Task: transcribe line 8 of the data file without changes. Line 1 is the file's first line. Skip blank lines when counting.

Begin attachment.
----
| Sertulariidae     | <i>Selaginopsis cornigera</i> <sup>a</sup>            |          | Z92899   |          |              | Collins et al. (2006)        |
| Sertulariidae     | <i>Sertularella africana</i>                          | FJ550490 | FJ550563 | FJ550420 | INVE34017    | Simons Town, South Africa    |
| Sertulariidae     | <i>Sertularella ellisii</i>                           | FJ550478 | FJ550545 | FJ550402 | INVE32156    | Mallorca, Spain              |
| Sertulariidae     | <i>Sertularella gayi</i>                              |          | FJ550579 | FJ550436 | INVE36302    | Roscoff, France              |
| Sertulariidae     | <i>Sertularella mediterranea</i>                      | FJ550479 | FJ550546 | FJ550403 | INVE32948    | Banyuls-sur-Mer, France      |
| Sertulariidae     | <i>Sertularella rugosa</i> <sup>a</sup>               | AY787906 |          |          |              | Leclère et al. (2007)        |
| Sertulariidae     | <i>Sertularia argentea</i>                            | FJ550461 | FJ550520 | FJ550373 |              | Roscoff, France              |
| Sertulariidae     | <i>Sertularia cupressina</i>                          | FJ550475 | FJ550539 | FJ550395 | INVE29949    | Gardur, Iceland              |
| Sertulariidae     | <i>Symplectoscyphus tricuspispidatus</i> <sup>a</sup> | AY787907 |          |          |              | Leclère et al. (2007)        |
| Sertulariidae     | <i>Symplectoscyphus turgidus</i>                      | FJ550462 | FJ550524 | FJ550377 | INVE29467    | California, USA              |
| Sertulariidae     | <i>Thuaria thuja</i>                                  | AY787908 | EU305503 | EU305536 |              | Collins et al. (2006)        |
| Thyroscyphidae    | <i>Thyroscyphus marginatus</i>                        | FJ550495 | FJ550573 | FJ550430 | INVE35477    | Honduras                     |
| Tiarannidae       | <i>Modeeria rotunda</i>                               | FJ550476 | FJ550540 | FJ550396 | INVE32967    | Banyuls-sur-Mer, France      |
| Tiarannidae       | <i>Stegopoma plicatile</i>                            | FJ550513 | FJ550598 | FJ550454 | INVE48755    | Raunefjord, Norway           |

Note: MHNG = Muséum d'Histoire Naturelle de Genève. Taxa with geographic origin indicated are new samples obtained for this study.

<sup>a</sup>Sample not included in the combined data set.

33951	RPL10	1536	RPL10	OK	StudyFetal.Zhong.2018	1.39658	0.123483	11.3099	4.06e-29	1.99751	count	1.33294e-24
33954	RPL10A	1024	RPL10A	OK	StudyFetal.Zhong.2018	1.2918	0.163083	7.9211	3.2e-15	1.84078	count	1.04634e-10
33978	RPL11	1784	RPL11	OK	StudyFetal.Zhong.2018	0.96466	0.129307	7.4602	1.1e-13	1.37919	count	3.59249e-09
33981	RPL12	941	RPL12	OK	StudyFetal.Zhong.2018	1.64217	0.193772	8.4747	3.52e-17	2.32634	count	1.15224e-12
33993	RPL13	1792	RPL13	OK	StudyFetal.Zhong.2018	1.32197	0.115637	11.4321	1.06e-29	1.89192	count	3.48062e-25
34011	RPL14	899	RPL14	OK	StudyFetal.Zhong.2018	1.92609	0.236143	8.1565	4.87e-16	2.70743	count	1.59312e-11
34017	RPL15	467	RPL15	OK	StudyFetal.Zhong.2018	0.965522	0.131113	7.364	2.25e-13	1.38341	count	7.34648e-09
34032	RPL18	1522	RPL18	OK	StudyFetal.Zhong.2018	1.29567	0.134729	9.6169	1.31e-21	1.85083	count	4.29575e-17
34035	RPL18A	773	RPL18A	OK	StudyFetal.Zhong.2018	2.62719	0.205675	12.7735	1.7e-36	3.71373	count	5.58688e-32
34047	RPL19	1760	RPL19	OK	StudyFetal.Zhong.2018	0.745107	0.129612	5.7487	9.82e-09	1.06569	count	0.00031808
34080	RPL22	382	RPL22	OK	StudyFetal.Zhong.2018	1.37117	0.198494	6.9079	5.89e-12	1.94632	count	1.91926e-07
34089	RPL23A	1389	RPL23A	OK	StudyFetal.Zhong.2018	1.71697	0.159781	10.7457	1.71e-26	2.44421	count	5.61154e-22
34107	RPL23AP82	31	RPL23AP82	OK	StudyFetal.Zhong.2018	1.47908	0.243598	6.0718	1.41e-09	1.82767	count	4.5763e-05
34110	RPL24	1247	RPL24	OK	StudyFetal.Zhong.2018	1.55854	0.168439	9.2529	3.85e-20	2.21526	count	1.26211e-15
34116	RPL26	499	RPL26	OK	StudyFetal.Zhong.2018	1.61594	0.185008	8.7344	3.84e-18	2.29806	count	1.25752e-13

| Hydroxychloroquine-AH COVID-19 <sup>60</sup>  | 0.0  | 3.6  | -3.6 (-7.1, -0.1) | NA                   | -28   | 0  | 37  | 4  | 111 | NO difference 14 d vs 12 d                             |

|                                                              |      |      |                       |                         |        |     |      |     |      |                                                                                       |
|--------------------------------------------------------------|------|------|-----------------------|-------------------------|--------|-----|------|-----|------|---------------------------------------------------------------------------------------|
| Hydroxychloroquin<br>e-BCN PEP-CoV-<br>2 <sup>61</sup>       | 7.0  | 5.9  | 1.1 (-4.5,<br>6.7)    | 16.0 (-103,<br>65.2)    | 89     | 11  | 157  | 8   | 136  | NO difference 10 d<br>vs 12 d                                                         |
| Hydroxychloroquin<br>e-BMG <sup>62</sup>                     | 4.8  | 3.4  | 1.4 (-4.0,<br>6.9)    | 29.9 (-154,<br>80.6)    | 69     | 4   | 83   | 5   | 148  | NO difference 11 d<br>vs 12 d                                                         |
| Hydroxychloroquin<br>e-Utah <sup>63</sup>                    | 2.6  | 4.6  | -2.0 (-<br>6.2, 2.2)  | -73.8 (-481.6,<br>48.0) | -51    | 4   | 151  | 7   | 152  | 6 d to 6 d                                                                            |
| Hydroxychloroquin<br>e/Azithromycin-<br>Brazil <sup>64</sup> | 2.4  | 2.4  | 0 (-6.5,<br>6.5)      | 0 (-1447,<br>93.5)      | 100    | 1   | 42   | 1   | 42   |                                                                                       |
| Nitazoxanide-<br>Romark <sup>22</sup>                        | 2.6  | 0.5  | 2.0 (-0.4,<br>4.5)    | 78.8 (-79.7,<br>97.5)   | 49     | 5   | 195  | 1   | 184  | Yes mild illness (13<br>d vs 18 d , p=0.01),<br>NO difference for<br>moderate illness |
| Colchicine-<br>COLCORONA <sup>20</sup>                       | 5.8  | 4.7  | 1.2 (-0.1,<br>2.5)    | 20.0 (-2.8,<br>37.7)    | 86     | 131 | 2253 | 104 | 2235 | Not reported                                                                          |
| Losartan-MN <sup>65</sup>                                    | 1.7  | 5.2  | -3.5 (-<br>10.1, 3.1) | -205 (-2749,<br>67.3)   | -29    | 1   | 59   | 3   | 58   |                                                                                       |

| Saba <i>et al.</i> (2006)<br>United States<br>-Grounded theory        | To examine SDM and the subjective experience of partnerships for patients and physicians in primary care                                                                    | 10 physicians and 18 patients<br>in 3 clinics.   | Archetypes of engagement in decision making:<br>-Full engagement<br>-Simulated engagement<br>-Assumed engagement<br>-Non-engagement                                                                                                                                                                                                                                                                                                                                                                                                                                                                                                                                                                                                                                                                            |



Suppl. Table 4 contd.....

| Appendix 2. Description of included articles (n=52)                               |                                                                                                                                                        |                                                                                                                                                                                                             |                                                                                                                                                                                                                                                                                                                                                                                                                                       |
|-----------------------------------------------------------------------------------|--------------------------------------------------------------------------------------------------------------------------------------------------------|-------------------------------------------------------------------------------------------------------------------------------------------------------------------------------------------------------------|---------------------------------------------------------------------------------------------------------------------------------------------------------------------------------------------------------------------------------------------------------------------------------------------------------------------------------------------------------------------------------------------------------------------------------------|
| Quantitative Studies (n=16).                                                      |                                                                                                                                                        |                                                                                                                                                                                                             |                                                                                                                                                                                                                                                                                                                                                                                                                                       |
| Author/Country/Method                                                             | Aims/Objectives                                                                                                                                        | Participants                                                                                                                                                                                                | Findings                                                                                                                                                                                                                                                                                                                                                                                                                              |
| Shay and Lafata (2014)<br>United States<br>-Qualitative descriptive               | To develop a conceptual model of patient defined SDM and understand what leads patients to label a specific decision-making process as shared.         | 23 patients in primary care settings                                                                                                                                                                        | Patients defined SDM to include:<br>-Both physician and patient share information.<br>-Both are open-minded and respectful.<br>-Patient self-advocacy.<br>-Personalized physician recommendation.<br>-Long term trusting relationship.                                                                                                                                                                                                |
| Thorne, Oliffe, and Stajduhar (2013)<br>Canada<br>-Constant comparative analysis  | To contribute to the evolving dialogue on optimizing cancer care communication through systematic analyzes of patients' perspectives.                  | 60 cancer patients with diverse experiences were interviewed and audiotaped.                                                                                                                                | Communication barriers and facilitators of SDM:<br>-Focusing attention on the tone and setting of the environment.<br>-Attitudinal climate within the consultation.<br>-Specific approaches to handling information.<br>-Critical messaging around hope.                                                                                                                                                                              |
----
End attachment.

| Sertulariidae     | <i>Sertularia cupressina</i>                          | FJ550475 | FJ550539 | FJ550395 | INVE29949    | Gardur, Iceland              |